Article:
The Snowman will hit theaters on October 13. A festival premiere could be in the cards, but Universal has been shy about doing so in the past. We shall see.


Poster courtesy of Universal

First trailer for 'The Disaster Artist' teases James Franco's take on Tommy Wiseau

As a film festival, South by Southwest is far from the prestigious event around. It's not a cinephile haven like Cannes, Toronto, or any other major fest that pops into mind. It has always been devoted to pure genre fare, mainly existing as a party for bloggers and a platform for the best studio comedies of the summer. But in a year where there literally are no good comedies for anyone to show off, the 2017 edition of SXSW took on a bit of a different approach. It ended up being the premiere spot for Edgar Wright's Baby Driver and David Leitch's Atomic Blonde, two of the most highly anticipated movies of the summer with huge sleeper hit potential (the former has already achieved that status as it creeps its way to $100 million). But perhaps most surprisingly, SXSW may have launched an Oscar favorite- James Franco's The Disaster Artist, a biopic of The Room director Tommy Wiseau. The film is in the vein of Tim Burton's classic Ed Wood, but with an all-star cast of Franco regulars. After New Line Cinema realized that they didn't know what to do with it, the studio partnered with indie icon A24 to release this highly acclaimed comedic adventure. Set for a prime Oscar release, the marketing campaign is beginning to kick into high gear with the release of a brief, but hilarious teaser trailer. Check it out below!


I have never felt compelled to watch Tommy Wiseau's The Room from start to finish, but I've enjoyed watching compilation videos of the most outrageous moments from the disasterpiece. And if you've never seen anything from this movie or have never even heard of it, let me just say this- it's unbelievably awful. So when I heard that James Franco would be bringing this story to the big screen, I was automatically intrigued. As a big fan of Ed Wood, I was excited to see another movie about an infamous director of horrible films, and as someone who loves the stuff that Franco and Seth Rogen do on a regular basis, I was thrilled to see their take on such an absurd story. And for this adaptation, Franco has brought along a cast that includes almost every single famous actor in Hollywood- Dave Franco, Alison Brie, Zoey Deutch, Zac Efron, Bryan Cranston, Sharon Stone, the list goes on and on.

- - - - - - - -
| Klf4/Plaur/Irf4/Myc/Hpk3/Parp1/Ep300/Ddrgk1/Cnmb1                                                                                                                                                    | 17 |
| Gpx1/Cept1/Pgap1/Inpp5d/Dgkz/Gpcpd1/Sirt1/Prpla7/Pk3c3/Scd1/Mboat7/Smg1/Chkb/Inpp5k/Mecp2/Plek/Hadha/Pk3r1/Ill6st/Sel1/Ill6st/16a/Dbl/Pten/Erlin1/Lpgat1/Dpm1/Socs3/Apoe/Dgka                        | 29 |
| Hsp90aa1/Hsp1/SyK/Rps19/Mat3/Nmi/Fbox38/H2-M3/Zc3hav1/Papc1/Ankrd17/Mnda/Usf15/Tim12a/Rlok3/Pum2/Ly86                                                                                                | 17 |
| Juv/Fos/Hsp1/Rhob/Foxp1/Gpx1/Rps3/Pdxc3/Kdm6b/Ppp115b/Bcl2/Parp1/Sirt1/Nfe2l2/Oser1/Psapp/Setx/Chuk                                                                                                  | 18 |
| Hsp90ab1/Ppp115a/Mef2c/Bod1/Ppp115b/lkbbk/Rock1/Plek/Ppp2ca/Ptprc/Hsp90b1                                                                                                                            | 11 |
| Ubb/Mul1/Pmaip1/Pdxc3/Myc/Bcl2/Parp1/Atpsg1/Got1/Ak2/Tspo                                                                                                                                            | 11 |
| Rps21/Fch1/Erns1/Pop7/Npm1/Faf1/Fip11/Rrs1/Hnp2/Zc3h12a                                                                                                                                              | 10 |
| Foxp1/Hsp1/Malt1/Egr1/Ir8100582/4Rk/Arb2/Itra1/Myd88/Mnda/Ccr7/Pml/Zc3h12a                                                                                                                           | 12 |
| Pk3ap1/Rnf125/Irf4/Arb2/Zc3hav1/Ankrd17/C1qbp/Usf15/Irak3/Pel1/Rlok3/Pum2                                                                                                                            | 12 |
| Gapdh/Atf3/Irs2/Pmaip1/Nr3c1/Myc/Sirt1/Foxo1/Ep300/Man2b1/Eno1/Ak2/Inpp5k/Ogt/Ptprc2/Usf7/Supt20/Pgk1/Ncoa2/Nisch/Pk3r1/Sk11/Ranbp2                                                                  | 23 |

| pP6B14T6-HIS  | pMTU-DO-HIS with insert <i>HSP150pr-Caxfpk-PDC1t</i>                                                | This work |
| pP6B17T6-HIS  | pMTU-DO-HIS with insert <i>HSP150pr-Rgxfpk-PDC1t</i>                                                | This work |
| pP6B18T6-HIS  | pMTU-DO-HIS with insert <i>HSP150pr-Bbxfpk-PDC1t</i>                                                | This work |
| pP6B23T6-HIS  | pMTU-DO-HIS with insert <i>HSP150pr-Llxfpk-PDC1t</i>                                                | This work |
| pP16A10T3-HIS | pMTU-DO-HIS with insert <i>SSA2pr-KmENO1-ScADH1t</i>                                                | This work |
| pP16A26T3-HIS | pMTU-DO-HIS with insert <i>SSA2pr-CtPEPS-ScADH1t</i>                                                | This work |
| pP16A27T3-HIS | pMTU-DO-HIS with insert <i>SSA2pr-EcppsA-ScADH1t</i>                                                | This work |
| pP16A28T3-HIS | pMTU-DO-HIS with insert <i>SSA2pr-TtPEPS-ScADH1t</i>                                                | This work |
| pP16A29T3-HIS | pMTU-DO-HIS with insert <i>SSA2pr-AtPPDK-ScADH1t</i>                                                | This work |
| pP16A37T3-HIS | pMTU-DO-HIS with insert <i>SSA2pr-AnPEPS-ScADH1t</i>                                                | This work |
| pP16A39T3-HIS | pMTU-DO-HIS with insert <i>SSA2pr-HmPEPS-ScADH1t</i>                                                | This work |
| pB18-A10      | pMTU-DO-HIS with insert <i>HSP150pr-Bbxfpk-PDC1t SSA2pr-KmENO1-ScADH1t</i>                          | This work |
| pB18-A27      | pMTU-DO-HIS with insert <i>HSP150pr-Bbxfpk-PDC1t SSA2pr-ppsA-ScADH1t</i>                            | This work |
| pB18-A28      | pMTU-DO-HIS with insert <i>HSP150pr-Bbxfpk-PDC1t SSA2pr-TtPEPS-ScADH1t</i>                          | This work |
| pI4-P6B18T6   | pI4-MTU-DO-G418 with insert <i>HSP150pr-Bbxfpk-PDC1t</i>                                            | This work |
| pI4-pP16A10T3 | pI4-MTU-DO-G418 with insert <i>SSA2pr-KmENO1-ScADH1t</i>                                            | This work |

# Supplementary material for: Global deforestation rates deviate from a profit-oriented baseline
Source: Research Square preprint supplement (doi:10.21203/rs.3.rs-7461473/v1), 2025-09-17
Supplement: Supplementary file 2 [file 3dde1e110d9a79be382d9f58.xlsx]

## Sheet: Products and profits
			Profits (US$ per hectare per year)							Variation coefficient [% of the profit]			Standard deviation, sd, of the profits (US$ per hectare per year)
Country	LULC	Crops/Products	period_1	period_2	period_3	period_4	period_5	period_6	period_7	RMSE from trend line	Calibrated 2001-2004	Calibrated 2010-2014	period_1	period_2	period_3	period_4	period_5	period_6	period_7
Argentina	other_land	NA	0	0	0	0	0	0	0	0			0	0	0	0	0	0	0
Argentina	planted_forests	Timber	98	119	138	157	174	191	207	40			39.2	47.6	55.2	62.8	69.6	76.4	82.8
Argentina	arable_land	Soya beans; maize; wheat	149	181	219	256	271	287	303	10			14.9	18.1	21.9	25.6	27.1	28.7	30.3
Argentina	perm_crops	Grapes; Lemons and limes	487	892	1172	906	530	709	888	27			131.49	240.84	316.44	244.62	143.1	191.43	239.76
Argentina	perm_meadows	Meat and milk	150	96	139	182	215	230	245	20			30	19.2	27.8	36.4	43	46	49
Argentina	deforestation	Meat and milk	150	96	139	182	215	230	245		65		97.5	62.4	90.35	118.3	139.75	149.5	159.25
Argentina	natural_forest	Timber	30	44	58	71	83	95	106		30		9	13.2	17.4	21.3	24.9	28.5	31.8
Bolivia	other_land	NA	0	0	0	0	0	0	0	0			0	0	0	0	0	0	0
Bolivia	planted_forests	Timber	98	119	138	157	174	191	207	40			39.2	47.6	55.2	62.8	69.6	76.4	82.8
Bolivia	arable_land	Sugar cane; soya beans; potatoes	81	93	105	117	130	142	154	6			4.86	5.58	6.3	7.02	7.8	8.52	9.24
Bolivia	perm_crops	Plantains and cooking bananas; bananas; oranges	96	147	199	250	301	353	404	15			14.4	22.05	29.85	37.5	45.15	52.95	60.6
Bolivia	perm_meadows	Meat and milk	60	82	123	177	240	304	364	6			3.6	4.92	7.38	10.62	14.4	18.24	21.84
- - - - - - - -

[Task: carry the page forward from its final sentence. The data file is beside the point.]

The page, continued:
Oh, and this teaser is perfect. Absolutely brilliant in every way. The critical point for A24's marketing campaign will be selling audiences who have never even heard of The Room, and while this teaser does a good job of pandering to midnight audiences who love Wiseau's schlock, it also works as a perfectly calibrated scene of comedic tension. It's a great first look that automatically generates interest in a fascinating character, and it is also laugh-out-loud funny. Franco looks tremendous as Wiseau, and the other Franco looks great as co-star Greg Sestero. I can't wait to see this one myself, and if it's as good as the buzz at SXSW indicates, we're in for a hysterical treat.

The Disaster Artist opens in limited release on December 1.


Poster: IMDB/A24

'The Big Sick' review

When was the last great big-screen romantic comedy?

Plenty of genres have been on their last legs in recent years, but none have suffered quite as much as the romantic comedy. It's been such a rough stretch for the former staple of the Hollywood diet that you probably have to go all the way back to 2012's Silver Linings Playbook to find the last truly great one- unless you count La La Land, which is more of a musical romance for my money. In fact, the best romantic comedy of the last several years can actually be found on television in the form of Aziz Ansari and Alan Yang's Master of None, a show that is as gorgeously cinematic and hopelessly thrilling as any big-screen romance in recent memory. Hollywood has turned its back on great love stories, opting to throw more money at blockbusters and leaving Sundance to create arthouse hits like Marc Webb's 2009 classic (500) Days of Summer.